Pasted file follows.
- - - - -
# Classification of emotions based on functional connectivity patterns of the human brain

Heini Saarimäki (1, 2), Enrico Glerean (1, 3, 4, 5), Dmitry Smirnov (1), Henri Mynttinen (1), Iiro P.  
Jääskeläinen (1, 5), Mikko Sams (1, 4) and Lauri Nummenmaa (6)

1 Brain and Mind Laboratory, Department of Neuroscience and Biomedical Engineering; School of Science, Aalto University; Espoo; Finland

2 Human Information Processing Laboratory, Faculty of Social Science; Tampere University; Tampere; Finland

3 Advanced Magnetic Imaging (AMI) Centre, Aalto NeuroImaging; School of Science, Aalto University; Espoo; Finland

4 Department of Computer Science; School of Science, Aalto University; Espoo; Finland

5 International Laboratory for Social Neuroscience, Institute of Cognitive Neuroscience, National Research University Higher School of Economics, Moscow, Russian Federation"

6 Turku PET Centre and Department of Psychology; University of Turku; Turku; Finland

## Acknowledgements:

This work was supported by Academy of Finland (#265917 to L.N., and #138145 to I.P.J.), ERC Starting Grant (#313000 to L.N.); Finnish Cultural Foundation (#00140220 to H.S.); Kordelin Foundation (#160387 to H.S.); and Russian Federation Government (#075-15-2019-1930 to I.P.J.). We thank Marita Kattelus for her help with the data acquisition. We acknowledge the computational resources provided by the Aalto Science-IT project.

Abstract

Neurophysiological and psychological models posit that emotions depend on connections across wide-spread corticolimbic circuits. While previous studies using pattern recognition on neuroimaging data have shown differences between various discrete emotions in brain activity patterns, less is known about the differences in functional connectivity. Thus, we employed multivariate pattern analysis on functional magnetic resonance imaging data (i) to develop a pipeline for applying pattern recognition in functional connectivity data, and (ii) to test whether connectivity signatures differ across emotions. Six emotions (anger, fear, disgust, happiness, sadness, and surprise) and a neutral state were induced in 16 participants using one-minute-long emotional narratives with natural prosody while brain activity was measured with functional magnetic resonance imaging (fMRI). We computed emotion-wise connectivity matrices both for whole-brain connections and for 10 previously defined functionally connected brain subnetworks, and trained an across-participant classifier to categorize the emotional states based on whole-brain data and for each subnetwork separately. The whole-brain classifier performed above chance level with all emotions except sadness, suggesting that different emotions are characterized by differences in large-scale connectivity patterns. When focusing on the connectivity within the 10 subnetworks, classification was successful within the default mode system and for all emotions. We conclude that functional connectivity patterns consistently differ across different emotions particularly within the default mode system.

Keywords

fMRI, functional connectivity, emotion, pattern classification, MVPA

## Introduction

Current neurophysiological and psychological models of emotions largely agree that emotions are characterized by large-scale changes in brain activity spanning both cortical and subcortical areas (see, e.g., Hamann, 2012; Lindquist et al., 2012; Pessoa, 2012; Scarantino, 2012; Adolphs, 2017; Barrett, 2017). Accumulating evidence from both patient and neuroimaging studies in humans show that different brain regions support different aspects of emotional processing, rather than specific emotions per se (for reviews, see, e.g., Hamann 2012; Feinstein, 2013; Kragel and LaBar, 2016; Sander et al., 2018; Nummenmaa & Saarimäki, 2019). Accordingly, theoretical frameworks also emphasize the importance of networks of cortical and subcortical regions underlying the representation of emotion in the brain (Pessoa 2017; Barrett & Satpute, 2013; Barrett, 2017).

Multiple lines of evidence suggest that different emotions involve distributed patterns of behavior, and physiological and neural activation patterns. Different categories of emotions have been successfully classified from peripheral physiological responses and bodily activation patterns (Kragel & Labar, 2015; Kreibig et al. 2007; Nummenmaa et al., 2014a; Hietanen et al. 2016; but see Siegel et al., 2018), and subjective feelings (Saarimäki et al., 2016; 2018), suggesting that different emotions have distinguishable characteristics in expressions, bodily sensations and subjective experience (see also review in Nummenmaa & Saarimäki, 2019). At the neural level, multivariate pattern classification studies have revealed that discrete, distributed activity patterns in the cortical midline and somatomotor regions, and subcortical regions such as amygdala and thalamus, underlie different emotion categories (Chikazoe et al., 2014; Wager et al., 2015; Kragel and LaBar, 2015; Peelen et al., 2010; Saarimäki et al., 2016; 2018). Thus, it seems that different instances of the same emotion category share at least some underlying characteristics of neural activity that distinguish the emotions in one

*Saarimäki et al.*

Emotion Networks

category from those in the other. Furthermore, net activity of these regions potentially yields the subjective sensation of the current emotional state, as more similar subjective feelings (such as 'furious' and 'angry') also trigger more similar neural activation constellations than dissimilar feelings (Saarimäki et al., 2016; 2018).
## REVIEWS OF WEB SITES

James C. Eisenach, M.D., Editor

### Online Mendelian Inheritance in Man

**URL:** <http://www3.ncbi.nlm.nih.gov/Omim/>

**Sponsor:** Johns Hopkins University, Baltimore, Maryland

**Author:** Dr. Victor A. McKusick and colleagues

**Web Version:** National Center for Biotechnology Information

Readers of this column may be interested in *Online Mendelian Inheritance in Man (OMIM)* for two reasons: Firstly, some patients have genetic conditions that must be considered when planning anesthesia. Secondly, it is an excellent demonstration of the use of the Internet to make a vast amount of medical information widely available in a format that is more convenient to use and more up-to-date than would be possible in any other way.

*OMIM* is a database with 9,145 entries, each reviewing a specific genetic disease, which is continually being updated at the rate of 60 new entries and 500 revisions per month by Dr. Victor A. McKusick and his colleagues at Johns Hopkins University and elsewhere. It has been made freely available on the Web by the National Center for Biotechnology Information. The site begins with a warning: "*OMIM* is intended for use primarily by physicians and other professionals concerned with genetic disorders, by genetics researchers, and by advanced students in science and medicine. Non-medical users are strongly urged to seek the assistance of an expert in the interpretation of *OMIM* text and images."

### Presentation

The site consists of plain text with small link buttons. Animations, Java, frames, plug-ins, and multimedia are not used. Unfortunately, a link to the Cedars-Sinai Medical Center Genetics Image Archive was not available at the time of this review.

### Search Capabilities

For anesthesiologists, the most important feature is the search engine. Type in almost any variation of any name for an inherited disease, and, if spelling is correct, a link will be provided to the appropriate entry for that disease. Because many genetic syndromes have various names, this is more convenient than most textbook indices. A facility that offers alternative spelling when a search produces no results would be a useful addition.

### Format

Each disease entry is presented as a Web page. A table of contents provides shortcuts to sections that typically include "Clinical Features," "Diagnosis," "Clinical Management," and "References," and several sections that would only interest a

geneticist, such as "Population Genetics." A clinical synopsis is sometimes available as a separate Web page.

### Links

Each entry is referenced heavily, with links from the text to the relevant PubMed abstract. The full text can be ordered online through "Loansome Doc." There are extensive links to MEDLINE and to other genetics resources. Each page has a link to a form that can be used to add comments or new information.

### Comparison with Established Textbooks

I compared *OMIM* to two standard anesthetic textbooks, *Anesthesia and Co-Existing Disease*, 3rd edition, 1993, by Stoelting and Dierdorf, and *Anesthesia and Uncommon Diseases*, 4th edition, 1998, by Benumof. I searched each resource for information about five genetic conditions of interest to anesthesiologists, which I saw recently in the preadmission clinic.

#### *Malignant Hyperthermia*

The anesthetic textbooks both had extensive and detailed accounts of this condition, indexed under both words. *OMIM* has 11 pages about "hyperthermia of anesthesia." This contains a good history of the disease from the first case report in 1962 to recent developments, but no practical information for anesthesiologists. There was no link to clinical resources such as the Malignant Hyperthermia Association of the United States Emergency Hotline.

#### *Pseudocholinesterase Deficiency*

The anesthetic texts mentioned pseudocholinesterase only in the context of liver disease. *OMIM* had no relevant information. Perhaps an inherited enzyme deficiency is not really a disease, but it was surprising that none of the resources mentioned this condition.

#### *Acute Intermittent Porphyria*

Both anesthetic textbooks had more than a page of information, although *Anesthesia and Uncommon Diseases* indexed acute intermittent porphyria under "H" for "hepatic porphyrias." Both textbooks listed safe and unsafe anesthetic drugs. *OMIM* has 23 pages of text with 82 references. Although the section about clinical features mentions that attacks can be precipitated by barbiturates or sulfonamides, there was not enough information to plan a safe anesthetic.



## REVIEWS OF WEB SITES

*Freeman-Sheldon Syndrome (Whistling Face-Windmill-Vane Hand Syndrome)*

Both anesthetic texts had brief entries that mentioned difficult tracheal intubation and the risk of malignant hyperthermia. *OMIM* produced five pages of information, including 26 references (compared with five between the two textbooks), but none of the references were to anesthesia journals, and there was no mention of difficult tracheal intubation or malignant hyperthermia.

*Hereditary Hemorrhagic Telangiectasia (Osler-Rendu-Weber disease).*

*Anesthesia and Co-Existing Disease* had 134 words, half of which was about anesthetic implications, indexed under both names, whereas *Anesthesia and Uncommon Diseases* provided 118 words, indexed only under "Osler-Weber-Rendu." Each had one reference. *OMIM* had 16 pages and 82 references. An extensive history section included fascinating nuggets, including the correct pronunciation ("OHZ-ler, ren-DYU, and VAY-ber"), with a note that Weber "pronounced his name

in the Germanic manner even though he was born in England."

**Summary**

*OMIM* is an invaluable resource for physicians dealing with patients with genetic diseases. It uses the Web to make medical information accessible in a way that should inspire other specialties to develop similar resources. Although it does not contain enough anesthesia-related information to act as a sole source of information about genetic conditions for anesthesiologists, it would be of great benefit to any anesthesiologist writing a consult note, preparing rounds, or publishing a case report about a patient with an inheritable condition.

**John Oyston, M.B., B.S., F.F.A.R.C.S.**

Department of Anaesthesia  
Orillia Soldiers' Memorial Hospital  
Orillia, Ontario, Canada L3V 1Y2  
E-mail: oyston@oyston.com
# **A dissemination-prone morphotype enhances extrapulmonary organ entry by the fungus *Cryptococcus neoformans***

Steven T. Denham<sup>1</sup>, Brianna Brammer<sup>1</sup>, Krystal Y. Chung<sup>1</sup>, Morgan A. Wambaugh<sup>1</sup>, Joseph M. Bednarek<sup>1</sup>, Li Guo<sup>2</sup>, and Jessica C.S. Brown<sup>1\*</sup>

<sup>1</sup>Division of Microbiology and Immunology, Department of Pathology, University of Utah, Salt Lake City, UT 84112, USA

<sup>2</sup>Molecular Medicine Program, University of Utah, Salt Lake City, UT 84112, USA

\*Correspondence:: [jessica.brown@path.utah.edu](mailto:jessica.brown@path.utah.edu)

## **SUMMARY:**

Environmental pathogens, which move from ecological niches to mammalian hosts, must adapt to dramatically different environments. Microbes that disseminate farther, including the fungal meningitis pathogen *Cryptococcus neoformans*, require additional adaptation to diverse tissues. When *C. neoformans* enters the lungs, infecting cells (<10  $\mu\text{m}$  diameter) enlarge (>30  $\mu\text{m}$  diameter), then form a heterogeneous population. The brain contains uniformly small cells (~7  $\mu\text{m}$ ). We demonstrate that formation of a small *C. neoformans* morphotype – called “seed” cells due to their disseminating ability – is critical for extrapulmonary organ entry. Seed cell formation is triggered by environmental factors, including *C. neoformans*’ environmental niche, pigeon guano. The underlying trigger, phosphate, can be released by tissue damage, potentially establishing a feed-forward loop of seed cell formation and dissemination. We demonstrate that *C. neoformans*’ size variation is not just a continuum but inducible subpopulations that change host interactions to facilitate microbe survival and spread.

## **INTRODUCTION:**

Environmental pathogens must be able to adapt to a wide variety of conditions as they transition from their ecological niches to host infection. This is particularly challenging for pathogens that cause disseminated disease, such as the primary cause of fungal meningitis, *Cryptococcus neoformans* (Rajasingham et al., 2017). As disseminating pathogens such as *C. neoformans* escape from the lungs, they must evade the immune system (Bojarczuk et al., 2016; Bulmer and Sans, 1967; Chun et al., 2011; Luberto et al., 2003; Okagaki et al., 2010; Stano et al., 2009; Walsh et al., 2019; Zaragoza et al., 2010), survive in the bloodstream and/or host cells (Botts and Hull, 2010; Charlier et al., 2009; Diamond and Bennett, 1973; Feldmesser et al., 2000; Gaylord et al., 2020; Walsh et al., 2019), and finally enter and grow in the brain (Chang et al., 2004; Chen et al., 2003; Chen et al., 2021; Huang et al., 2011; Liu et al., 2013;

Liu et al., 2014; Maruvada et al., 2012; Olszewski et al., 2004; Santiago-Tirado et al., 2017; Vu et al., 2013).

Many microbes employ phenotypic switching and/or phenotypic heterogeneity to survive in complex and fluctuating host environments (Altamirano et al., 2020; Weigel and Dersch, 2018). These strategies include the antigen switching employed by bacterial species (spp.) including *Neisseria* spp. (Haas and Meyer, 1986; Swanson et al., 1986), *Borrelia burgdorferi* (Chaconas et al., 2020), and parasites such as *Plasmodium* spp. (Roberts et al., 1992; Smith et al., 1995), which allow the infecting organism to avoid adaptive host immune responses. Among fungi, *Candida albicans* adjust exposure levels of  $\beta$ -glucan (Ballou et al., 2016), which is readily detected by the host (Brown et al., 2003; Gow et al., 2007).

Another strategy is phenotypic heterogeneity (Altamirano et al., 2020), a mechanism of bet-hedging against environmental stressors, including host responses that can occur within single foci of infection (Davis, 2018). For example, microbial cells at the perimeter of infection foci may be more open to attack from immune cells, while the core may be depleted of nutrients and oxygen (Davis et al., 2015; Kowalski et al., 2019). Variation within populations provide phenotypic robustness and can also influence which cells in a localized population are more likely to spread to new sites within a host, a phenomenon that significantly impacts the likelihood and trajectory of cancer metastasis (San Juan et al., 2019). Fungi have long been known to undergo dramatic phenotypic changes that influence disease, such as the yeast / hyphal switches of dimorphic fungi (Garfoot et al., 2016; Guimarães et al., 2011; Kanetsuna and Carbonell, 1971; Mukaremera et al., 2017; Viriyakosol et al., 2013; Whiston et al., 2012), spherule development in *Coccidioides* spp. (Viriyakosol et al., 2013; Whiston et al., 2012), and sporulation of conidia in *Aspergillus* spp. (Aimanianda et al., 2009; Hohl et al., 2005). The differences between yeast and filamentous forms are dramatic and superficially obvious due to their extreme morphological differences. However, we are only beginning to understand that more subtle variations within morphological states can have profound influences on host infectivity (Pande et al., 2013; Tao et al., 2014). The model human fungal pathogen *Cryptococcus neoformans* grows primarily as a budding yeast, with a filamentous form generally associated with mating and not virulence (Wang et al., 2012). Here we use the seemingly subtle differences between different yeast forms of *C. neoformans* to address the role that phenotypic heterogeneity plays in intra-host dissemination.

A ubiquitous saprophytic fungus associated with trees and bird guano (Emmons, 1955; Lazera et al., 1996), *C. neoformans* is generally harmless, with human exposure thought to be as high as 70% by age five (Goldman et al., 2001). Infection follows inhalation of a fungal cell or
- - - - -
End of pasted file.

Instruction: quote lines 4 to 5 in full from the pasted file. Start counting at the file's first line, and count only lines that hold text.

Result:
1 Brain and Mind Laboratory, Department of Neuroscience and Biomedical Engineering; School of Science, Aalto University; Espoo; Finland

2 Human Information Processing Laboratory, Faculty of Social Science; Tampere University; Tampere; Finland